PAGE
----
Not the all-American hero he would appear to be

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MY six-year-old daughter said to me, “Daddy, I know what FBI means!”.

I said: “Great, what is it sweetheart?”, thinking she was going to say Federal Bureau of Investigation. “The polis”, was her reply.

I’ve just finished a book about America’s legendary lawman J. Edgar Hoover, who was the first director of the FBI. He helped found the bureau in 1935 and held on to the power of the directorship until he died in office in 1972.

The book, written by journalist Anthony Summers, is fascinating for anyone interested in American affairs/politics or historic figures, and is a thorough job which took six years to write.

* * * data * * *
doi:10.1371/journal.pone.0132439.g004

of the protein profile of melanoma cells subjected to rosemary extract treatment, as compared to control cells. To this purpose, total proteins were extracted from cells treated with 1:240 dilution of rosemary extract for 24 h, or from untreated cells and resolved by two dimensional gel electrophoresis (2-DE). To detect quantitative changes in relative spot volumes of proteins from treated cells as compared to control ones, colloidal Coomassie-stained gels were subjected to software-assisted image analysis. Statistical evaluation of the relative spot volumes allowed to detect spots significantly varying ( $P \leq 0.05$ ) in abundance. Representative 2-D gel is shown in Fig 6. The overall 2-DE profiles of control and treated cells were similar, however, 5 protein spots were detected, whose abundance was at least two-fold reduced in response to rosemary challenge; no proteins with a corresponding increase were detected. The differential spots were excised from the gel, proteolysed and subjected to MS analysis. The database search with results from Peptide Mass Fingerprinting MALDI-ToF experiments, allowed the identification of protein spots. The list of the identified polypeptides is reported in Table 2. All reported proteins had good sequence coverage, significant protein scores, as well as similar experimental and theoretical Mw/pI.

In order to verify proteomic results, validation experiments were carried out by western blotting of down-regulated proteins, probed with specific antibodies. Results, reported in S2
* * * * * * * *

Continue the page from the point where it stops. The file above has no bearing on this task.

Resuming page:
Summers leaves the reader in no doubt that Hoover should not be held in the high public esteem he is – the FBI’s headquarters are named after him – as he is guilty of at least horrendous, brazen and continued corruption, if not serious crimes, while serving as the USA’s top crimebuster.

Other claims include that Hoover was in leage with top mafioso, snooped on innocent civilians and famous people alike and used what he found out to blackmail powerful people, including presidents, to keep him in power and living the life of riley.

Summers likened his actions to that of the Nazi Gestapo and Stalin’s Russia, and, while notorious presidents JFK and Nixon loathed him, they couldn’t sack him for fear he’d expose their misdemeanours.

Instead Hoover was lauded as the all-American hero with gushing praise coming from those on high, which makes me think about what really goes on behind closed doors in the corridors of power.

Who killed JFK? Is David Cameron Margaret Thatcher in disguise? Will we ever know?